It’s a quicker way to get to Harlem.
A trains are running faster after Metropolitan Transportation Authority officials upped speed limits on stretches of the line and worked to move trains better in and out of its yard uptown.
The effort is part of a four-year-old initiative rolled out by former New York City Transit President and “train daddy” Andy Byford to speed up subways around the Five Boroughs, and his successor, Rich Davey, said Monday that the MTA is looking at expanding the program.
“The Department of Subways is piloting the service delivery and reliability initiative on the A line that safely increases speed limits in a variety of segments to match modern engineering policy,” Davey told MTA board member during monthly meetings on Sept. 19.
“We’re excited to scale these efforts that we’ve been seeing on the A line across other lines.”
The MTA increased speed limits at the following sections in Manhattan and Brooklyn:
- W. 4th Street from 20-25 miles per hour
- 135th Street from 30-40 mph
- 145th Street from 10-15 mph over four switches
- 175th Street from 20-30 mph
- Liberty Avenue from 25 mph to now between 35-39 mph
To ease congestion of trains going in and out of its yard uptown during rush hours, transit officials deployed more supervision and platform personnel at Dyckman Street and 207th Street, and they adjusted schedules to reflect when trains actually leave the terminal so that they don’t get stuck waiting behind another train.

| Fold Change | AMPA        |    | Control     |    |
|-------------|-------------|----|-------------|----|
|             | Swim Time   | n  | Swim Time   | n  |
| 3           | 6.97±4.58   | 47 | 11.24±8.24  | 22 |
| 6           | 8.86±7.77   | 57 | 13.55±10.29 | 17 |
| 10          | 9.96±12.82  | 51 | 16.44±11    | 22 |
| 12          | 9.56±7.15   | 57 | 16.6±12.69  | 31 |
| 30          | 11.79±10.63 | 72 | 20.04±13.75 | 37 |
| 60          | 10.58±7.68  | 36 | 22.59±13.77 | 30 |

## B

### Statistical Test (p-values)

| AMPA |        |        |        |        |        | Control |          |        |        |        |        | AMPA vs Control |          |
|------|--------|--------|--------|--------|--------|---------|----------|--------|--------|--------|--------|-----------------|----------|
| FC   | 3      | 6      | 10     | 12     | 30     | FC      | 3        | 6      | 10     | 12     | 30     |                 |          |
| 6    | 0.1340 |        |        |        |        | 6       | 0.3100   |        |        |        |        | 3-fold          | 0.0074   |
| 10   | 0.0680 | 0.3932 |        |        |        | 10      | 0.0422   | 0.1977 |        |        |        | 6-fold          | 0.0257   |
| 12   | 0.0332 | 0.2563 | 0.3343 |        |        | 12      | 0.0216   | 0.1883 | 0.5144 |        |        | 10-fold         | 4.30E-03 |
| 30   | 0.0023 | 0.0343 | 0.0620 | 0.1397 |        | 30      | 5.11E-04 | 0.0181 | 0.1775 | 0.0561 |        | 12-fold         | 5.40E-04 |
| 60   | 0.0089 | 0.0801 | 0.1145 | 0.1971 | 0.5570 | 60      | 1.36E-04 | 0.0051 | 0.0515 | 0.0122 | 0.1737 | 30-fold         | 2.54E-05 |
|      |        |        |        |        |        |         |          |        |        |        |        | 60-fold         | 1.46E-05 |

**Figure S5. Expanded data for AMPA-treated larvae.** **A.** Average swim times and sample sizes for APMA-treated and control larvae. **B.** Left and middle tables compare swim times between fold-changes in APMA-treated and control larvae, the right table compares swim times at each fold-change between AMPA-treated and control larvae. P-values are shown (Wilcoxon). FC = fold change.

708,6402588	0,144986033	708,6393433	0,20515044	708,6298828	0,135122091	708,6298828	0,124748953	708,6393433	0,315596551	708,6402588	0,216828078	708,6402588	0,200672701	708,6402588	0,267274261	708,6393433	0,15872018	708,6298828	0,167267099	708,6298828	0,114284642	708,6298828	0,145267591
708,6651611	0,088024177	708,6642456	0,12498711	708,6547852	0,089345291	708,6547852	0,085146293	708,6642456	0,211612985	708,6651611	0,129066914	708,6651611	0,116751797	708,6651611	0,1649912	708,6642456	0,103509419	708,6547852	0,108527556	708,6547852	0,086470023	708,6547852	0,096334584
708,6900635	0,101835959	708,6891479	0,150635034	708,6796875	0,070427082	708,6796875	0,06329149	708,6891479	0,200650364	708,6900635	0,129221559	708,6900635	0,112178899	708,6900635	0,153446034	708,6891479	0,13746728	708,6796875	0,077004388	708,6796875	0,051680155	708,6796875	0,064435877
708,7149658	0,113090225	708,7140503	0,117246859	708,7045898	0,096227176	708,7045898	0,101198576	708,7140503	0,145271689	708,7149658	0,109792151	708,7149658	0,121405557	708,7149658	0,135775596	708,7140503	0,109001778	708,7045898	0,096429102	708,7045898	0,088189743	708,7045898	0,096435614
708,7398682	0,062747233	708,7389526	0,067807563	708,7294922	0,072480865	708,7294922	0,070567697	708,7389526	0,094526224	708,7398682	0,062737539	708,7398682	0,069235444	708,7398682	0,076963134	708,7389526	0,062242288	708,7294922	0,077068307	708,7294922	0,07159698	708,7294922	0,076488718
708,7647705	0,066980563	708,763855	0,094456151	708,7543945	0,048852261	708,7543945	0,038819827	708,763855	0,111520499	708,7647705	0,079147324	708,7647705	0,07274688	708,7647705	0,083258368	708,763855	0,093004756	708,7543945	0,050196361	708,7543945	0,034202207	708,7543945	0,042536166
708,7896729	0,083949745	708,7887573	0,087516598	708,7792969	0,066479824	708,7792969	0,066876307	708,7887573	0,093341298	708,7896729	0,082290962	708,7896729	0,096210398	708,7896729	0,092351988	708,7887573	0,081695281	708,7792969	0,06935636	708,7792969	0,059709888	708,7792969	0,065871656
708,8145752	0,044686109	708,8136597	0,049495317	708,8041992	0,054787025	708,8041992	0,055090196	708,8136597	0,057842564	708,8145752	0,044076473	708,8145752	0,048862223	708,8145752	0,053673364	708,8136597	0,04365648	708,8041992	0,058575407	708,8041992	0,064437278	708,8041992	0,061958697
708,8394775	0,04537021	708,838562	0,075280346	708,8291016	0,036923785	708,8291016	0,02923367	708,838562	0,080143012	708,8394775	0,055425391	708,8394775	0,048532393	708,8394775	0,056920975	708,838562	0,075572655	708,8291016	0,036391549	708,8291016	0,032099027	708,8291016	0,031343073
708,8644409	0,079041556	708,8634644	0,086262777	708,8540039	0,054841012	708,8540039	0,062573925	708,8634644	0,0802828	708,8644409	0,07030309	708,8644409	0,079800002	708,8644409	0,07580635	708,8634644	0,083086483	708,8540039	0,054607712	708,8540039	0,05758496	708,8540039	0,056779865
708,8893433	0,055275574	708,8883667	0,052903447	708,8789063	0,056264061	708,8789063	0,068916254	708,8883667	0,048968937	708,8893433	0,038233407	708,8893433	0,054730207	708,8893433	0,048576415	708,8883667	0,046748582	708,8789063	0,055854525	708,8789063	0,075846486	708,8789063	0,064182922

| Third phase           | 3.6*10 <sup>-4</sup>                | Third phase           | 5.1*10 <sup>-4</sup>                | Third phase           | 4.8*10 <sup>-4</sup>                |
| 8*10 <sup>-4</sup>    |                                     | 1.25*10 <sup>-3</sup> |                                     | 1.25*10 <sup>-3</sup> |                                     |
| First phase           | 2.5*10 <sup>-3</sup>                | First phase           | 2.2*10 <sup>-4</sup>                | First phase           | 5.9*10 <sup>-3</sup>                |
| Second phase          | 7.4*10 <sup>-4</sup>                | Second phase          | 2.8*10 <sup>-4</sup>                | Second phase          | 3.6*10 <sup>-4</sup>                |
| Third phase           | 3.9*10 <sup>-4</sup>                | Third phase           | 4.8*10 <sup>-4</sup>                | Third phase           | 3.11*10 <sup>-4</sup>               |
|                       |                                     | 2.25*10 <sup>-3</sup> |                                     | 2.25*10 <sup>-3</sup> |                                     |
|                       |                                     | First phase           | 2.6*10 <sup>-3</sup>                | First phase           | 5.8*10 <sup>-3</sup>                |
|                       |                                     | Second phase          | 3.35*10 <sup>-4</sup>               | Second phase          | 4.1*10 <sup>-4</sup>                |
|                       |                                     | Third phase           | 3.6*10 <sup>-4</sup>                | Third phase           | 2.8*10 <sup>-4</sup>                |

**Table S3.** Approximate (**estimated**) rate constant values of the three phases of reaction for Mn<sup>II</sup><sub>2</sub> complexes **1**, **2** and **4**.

“207th street has been a challenge for us, particularly with getting trains out on time,” said Senior Vice President for Subways Demetrius Crichlow.
NYPD also deployed cops to get people off the trains who stay on board after the last stop, according to officials.
“We had a challenge with some population of riders who were a little more challenging to get off of the trains,” said Crichlow.
The rate of trains running on time, which the MTA counts as within five minutes of schedule, increased from June to August by 5.4% to 73.7%.
The A was among the worst rated lines in the system, with only 41% of straphangers satisfied with it, according to a rider survey from the spring.
“The dirty secret of the A train is that, on a lot of parts of the line, local service is as fast as the express,” said Danny Pearlstein, a spokesperson for the transit advocacy group Riders Alliance, who also lives uptown. “In a lot of parts uptown, the [local] No. 1 train is just as fast as the [express] A train, which is embarrassing.”
The MTA will likely up speeds on the D and F trains next, which commuters also gave among the worst ratings in the system, at 40% and 43% satisfaction respectively.
“We chose the A line because it is one of the more challenging lines, we didn’t want to start with one that was a little more easy,” said Crichlow. “The A line is a challenge, it has so many terminals that feed off of it, it’s impacted by so many other lines, but if you can make a difference on the A line you also improve other lines like the C, which is also another line that we’ve struggled with.”
NYC Transit has made 48 speed increases around the system so far this year, according to MTA spokesperson Mike Cortez.
The agency will increase speeds at a few more spots on the A line, Cortez added.
“It’s a huge success story of the past few years and is responsible for the greatest reduction in subway delays,” Pearlstein said. “The speed unit’s work should give everyone confidence that the MTA can do things right.”
Former Transit chief Byford vowed to return subway tempos to higher levels after decades of reduced speed limits as a result of a collision on the Williamsburg Bridge in 1995 that killed a train operator, who investigators later determined had fallen asleep before the crash.